After TikTok ‘Sale’, Senator Rubio Targets China’s QQ App Next

Is the U.S. taking the India approach to China’s mobile apps? They banned around 54 of them this summer.

So far, Washington is not taking the India approach. It’s more of a precision strike. The latest target on radar is instant messaging app QQ, owned by Tencent. Senator Marco Rubio wants it banned.

Less than 24 hours after word that Larry Ellison’s Oracle ORCL will be taking over TikTok in the U.S., Rubio asked President Trump for a review of QQ, an app mainly used by Chinese people here in the U.S. He wants it added to Trump’s August 6 Executive Order looking into WeChat, which is China’s leading messaging app, and is also owned by Tencent.

“The links between the Chinese government and Communist Party to this high-risk software could not be more pronounced as Tencent’s chief executive, Pony Ma, is a member of China’s national legislature, the National People’s Congress,” Rubio wrote in a letter to the President dated September 11.

Huateng “Pony” Ma is worth around $58.7 billion and is the 20th richest man in the world, according to Forbes.

“The identical ownership and similar functions of the two (Tencent) applications highlight the common threats that they pose, including data privacy risks, as well as espionage and censorship at the direction of the Chinese government and Communist Party,” he says. “Add QQ to the Executive Order on WeChat.”

In August, Rubio got an op-ed published in The Washington Examiner saying he would introduce legislation to create a “framework of standards for foreign-based apps” to be allowed to operate in the U.S.

One of the most vocal China hawks in the Senate, Rubio warned last October about TikTok when he requested Treasury Secretary Steven Mnuchin have the Committee on Foreign Investment in the United States (CFIUS) launch a full review of the national security implications of TikTok’s acquisition of That review is actually not complete, nearly 11 months later.

News broke on Sunday about Oracle’s deal with ByteDance’s TikTok, the first Chinese app to go global. Most of China’s apps, including WeChat and QQ, are local phenomenons. That tends to be enough, given that China has hundreds of millions of internet users with cell phones. But TikTok put China on the map as a global app developer for the first time. The popular web conference company Zoom is run by a Chinese born techie named Eric Yuan, but he is based in California.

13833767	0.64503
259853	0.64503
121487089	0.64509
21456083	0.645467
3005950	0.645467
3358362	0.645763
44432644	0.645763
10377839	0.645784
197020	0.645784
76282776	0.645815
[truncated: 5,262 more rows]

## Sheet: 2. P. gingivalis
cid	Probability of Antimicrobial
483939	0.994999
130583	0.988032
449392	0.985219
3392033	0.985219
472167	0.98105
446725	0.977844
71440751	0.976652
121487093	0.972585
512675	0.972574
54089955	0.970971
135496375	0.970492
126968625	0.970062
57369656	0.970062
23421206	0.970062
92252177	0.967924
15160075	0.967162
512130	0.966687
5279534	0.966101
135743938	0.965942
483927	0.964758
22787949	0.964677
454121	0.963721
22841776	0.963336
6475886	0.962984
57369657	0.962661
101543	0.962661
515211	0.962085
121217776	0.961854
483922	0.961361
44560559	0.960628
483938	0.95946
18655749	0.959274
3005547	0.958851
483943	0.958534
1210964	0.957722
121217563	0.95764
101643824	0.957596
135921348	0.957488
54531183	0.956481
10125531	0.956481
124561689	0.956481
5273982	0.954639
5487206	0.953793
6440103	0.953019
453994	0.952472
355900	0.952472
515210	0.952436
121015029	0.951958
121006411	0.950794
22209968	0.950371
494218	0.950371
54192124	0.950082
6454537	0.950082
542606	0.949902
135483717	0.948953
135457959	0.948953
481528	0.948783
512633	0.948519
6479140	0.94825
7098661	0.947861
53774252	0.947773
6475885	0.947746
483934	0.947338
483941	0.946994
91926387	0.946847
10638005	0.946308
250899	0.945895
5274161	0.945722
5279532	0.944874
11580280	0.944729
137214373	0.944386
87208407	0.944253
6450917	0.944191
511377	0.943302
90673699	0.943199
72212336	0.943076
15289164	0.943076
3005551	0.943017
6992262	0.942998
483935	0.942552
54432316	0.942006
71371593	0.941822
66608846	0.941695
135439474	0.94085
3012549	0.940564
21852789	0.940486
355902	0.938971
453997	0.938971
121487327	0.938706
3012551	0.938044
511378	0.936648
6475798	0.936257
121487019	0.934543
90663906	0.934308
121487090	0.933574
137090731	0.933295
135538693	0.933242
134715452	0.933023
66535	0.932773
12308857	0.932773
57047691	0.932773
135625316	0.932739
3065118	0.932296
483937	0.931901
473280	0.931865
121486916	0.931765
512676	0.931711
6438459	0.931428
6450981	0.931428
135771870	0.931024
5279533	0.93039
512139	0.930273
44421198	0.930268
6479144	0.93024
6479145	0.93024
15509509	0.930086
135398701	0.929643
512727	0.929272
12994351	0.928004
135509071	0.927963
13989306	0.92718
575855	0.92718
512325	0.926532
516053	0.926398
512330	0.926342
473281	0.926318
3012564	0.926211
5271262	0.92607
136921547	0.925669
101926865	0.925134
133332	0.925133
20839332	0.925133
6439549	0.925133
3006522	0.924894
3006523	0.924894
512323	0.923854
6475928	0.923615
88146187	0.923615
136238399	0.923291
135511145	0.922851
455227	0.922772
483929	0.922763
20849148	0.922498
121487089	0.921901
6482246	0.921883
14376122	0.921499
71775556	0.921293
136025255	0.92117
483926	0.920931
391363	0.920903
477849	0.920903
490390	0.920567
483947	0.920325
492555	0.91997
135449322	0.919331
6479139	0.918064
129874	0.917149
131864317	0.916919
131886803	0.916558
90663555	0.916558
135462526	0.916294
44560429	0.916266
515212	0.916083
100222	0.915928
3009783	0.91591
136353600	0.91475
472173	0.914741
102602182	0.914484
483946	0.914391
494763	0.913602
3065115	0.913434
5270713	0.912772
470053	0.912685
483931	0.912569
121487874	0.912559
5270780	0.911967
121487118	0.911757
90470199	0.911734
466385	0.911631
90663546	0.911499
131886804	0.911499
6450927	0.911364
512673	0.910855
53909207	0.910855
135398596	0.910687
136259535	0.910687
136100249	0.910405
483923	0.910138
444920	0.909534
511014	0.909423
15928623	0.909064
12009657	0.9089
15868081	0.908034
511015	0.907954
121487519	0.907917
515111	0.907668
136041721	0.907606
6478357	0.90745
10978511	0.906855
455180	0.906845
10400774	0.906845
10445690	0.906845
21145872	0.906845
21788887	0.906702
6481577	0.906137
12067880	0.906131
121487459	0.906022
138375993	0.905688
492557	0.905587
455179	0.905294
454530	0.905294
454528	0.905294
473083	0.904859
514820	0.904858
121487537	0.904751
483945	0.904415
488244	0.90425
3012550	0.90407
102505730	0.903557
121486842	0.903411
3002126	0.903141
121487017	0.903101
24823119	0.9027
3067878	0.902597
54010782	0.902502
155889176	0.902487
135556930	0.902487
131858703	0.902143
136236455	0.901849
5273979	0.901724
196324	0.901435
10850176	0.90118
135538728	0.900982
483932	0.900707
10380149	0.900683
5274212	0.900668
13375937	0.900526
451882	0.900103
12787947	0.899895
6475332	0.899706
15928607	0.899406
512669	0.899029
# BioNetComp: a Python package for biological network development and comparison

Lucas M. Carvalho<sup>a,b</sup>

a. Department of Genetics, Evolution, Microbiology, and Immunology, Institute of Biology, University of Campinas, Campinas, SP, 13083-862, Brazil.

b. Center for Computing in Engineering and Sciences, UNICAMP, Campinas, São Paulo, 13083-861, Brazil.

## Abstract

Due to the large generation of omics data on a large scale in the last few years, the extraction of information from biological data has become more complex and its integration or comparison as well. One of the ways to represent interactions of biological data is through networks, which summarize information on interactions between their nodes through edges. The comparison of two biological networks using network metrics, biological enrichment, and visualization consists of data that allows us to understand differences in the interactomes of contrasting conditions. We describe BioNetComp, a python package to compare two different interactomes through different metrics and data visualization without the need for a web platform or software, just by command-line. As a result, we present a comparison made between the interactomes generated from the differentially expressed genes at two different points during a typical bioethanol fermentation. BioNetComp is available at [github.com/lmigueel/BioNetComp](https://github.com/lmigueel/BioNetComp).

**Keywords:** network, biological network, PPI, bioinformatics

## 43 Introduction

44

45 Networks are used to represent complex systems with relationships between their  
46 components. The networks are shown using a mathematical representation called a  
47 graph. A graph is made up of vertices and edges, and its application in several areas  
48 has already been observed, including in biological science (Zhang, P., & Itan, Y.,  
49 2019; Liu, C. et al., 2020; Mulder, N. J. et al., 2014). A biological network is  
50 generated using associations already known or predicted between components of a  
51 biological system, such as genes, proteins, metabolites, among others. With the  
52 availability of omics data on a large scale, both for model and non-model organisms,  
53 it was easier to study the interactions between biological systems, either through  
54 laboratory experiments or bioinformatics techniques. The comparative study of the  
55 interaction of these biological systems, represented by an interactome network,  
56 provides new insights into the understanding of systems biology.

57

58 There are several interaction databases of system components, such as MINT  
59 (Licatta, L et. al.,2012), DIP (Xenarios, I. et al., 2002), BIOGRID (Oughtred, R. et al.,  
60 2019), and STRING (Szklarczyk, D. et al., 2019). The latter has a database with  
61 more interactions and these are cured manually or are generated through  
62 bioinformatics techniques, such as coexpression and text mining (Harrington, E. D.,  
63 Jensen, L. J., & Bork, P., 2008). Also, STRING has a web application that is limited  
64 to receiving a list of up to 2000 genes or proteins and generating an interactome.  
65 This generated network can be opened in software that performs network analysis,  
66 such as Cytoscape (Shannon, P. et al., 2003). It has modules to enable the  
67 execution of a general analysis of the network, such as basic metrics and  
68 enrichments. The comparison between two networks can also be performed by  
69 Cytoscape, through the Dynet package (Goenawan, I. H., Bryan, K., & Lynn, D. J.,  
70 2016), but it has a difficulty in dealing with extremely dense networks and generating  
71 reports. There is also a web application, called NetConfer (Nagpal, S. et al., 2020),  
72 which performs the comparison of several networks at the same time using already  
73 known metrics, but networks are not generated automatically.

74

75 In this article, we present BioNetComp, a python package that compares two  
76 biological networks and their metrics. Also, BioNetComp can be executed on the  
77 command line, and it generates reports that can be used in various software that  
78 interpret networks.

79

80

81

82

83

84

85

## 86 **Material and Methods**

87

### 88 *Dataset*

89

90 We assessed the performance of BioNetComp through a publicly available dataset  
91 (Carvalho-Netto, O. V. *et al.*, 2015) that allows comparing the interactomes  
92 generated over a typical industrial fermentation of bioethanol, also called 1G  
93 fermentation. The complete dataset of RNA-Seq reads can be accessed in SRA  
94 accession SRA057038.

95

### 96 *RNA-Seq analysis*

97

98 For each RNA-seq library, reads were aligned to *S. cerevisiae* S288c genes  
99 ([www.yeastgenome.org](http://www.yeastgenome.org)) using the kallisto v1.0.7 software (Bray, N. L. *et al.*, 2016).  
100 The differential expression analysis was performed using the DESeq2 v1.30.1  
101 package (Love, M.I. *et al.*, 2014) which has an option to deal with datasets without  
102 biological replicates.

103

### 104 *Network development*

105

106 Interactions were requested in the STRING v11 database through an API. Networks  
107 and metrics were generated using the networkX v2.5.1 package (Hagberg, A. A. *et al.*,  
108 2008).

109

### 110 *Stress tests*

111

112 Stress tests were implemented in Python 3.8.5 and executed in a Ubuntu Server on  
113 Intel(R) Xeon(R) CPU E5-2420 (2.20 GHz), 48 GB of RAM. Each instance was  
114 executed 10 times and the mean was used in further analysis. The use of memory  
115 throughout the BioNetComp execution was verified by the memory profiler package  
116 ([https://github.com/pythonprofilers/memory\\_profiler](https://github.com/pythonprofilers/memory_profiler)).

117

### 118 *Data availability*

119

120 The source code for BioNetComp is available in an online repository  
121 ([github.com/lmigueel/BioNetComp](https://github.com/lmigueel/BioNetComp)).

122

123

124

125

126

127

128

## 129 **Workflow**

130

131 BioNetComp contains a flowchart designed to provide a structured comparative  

The specifics of the Oracle-TikTok deal are unclear, with key words such as “tech partnership” not sounding at all like a traditional acquisition. Assuming the main concern was over user data, perhaps Oracle will be in charge of all that and not ByteDance.

What’s a bit more damning — and what Rubio’s harking about QQ serves as testimony — is the growing concern of Beijing’s political ties to China’s biggest and best tech firms.

“Those are allegations that China’s tech firms have had to increasingly fight off over the past few years, and it’s something that’s going to persist,” thinks Nick Marro, lead analyst for global trade at The Economist Intelligence Unit, the business intel division of The Economist magazine.

Going forward, multinational companies will have to deal with a tech decoupling, and new risk of doing business with China tech companies that could quicken a severing of ties in the worst case for Beijing, or a rejiggering of the China dominant supply chain into other Asian nations, still run by Chinese capital and management.

Meanwhile, China has not used tit-for-tat measures against the U.S. for picking on TikTok, Huawei and now WeChat and QQ — but that will change after the election.

Will a Biden presidency maintain this kind of pressure on QQ, WeChat and Huawei?

If the Republicans are in the minority position, a position many Republican observers suggest they prefer, they will seek to label Biden as pro-China if he does not continue with these policies.

A Trump presidency will surely continue them, and that is when China could go ham.

We’re still waiting for the other shoe to drop on potential export controls against SMIC, notes Marro.

SMIC is a leader in the burgeoning mainland China semiconductor industry, an industry being funded by state banks in an effort to reduce the country’s reliance on foreign microchips. The U.S. said SIMC is a Chinese defense contractor and U.S. firms might be banned from supplying them with chip hardware used for the military.

“We have no relationship with the Chinese military,” the company said in a statement. It said SMIC products are “solely for civilian and commercial end-users and end-uses.”

Such a ban would have more macro consequences for China’s technology industry; an industry currently building out its Greater Silicon Valley in the southeast, a development project that was in the works even before Trump was elected.

“This story isn’t over,” says Marro.

The trade war has four fronts: the tariff front, the tech front, the financial front, and the human rights front, which is seen being the front used to convince a Biden Administration to play hardball with China if elected.

China can cope with this because it has a massive domestic market to serve. But, so long as they need American tech to build out their Greater Silicon Valley plans, China will have to either try and do it themselves, or convince the Japanese, South Koreans, Taiwanese and maybe the Europeans to ignore their American allies.

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